HSBC will close its retail branches in South Korea from July 8, the bank has announced.

The British-based lender, which currently has 11 branches in South Korea, also plans to close its wealth management businesses.

HSBC will maintain a single office for its global banking and markets unit. The move is part of a review by HSBC over its global businesses, which has led to 52 closures and disposals since 2011.

South Korea is the latest of 17 markets to have retail services withdrawn by HSBC, and joins axed retail divisions in Chile, Canada, Russia and Poland.

"HSBC remains committed to the Korean market and continues to invest in developing its Korean Global Banking and Markets and Corporation Banking Business," HSBC commented.

Approval is being sought by HSBC to close the branches from South Korea’s Financial Supervisory Service.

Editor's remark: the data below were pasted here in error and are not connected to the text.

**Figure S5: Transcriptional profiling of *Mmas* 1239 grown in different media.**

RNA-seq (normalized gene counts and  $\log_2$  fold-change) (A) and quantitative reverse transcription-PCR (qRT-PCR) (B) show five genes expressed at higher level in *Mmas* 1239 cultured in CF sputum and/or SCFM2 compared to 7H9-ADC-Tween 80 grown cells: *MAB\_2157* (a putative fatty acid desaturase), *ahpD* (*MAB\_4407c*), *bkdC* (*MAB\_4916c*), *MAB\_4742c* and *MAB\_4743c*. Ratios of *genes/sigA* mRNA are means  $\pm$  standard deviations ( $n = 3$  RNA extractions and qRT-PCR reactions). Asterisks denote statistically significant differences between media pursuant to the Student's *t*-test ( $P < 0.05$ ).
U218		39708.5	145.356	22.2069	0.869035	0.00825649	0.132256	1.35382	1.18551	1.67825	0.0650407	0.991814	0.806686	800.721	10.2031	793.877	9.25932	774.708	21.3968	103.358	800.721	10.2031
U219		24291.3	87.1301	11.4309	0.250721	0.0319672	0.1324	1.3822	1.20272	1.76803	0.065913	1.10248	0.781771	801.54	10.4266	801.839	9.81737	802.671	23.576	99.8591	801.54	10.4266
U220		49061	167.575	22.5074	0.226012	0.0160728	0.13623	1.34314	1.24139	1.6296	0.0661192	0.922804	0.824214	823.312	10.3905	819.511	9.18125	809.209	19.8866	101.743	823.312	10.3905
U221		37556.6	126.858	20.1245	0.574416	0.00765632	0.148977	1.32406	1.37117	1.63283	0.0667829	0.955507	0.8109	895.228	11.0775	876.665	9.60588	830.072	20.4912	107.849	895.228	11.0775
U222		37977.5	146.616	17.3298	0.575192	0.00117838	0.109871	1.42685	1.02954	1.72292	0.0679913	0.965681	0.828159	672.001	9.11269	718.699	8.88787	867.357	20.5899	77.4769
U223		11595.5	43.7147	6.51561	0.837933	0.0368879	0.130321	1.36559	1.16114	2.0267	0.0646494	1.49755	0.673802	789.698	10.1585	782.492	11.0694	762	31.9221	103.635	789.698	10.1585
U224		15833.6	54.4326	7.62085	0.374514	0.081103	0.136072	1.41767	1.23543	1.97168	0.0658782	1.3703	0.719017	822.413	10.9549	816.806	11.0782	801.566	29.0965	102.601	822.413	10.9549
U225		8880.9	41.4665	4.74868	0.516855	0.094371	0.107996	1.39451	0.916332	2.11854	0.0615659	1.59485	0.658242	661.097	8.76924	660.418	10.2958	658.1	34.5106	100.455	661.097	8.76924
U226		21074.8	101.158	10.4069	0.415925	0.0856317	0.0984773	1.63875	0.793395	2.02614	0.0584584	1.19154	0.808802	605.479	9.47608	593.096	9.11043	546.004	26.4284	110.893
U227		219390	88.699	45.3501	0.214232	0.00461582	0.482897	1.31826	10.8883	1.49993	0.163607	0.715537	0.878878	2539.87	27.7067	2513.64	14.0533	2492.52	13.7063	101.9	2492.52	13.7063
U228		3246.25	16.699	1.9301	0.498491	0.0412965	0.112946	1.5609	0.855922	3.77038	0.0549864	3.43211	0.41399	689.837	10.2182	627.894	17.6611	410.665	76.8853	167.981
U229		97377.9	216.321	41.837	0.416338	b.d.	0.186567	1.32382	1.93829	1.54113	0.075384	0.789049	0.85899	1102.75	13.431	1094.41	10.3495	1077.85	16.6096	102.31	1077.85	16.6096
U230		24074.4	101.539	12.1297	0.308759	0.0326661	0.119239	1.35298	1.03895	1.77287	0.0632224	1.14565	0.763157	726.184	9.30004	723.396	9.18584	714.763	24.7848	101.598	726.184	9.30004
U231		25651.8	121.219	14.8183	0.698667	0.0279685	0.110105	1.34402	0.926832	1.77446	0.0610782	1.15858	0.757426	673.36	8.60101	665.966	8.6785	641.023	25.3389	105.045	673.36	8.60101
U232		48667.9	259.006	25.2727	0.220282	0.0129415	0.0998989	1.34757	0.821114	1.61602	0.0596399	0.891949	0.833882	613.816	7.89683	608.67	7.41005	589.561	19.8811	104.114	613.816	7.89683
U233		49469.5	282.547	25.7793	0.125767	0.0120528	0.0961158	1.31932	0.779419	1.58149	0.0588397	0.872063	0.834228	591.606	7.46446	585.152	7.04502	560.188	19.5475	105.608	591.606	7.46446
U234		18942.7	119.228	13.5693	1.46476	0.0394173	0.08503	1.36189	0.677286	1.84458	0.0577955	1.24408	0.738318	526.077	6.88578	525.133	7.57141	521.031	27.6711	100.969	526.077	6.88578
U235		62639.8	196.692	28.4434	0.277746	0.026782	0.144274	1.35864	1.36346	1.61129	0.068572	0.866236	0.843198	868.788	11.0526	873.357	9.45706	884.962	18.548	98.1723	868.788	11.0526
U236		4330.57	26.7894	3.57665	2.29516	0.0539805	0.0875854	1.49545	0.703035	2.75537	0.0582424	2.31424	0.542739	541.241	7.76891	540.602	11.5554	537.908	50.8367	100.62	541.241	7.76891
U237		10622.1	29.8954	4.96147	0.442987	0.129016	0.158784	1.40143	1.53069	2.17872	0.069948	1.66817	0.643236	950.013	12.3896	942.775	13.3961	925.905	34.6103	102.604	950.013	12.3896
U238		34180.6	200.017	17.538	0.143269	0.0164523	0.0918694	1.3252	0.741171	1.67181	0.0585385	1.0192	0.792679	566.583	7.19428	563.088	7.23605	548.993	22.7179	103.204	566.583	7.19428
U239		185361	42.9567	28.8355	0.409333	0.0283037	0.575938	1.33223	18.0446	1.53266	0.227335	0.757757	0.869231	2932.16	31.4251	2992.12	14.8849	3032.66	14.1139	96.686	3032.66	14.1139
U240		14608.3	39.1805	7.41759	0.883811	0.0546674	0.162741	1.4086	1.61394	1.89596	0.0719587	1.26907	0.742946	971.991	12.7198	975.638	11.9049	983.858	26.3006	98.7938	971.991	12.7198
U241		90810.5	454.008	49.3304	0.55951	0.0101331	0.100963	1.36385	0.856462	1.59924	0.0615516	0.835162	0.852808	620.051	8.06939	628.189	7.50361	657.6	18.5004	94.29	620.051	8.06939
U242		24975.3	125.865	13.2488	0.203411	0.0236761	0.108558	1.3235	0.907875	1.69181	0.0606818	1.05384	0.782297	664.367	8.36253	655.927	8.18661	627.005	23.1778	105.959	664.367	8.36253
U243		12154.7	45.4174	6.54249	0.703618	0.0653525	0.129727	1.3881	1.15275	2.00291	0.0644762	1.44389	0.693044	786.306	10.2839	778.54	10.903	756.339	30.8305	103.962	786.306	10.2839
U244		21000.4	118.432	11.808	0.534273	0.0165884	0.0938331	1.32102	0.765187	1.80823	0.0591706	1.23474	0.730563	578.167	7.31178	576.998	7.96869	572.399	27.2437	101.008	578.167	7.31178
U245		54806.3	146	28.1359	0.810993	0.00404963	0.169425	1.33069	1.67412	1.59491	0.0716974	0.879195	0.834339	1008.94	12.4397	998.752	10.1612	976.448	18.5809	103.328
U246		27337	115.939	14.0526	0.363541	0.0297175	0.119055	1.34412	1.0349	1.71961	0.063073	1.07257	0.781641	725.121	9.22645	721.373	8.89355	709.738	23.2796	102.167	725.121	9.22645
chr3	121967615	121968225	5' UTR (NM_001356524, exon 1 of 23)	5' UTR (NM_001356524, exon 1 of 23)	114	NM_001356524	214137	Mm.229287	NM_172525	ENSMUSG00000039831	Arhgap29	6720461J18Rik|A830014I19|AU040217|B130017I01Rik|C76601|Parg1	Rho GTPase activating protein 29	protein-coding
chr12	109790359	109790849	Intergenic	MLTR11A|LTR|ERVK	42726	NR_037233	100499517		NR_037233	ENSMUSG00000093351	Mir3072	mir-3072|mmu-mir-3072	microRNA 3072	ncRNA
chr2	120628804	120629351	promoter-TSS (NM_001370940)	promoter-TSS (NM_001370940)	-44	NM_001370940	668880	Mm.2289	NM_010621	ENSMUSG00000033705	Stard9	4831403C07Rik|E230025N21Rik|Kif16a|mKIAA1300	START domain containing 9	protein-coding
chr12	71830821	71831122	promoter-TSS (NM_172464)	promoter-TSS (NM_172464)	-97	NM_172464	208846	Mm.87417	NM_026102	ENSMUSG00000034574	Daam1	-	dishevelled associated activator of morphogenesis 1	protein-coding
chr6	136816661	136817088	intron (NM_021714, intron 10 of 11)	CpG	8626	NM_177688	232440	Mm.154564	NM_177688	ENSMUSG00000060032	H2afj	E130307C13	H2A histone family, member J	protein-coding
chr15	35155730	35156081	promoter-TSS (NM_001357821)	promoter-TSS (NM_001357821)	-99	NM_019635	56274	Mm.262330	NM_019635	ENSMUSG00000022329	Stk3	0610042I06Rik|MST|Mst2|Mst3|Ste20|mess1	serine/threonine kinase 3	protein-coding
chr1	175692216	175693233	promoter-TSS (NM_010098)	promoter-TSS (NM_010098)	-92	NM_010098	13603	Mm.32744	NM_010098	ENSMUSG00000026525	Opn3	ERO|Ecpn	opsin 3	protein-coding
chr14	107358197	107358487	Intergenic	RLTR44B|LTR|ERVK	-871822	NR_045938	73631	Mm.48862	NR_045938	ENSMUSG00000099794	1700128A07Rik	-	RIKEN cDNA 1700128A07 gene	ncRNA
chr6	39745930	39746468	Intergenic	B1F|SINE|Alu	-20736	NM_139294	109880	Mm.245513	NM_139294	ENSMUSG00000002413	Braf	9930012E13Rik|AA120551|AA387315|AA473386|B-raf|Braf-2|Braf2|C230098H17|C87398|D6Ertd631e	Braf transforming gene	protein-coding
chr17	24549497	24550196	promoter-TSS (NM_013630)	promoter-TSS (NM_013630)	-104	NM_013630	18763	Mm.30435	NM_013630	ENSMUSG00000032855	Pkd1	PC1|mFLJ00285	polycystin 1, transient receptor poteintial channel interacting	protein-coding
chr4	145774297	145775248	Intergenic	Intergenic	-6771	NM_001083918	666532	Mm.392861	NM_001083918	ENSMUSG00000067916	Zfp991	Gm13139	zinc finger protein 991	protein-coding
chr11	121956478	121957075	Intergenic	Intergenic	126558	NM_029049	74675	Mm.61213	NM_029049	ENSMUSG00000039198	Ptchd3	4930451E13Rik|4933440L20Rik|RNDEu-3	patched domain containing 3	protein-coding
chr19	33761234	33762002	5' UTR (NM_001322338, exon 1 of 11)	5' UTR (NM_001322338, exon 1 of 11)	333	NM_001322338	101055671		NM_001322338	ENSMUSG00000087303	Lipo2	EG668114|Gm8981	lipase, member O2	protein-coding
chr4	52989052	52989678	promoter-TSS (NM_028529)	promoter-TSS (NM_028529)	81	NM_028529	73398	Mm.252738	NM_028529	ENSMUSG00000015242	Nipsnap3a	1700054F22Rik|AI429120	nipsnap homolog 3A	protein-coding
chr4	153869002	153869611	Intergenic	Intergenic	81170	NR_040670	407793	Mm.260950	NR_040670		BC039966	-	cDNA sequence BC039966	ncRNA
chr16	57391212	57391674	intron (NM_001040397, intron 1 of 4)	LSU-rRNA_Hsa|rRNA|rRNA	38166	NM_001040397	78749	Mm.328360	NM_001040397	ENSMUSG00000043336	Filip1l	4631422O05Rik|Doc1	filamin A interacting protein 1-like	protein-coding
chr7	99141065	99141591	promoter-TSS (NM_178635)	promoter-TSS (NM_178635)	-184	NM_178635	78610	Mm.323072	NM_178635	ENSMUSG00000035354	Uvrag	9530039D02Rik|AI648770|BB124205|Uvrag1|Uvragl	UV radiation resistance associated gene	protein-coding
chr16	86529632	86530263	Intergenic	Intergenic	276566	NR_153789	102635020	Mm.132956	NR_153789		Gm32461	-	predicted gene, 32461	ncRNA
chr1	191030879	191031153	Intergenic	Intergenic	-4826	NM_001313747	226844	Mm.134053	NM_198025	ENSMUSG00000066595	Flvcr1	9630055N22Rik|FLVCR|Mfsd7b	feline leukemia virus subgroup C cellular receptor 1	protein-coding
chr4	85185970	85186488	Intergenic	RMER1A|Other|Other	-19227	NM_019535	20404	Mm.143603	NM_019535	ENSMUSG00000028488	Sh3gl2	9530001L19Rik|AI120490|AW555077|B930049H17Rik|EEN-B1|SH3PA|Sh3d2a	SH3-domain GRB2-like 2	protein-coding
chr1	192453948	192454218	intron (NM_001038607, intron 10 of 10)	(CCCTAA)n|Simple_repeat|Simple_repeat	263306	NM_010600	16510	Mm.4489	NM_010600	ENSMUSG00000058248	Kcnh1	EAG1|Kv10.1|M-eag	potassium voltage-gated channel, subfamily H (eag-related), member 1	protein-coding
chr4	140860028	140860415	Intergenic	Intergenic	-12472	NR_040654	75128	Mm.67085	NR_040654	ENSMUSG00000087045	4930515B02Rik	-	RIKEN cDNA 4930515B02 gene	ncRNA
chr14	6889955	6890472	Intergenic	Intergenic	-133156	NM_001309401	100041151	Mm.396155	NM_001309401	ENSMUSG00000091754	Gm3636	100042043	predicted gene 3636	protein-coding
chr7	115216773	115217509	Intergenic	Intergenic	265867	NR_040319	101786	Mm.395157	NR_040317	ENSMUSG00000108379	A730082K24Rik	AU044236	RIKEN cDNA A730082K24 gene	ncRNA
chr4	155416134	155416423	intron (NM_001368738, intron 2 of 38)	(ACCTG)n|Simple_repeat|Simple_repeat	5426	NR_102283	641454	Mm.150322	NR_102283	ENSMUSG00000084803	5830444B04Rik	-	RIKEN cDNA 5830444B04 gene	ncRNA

The Korean unit of HSBC posted a net profit of $37.3 million in the first quarter, according to Global Post, with its employees numbering at 790.

The announcement follows a series of discussions made in 2012 between HSBC and The Korea Development Bank over the sale of its retail banking business, although an outcome has not been announced.

This is one step of HSBC’s global plan, which in 2012 involved the sale of US credit card business to Capital One for $31.3bn.

HSBC first established a presence in Korea in 1897 with the opening of a representative office in Chemulpo. Full service branches opened in Pusan in 1982 and in Seoul in 1984.


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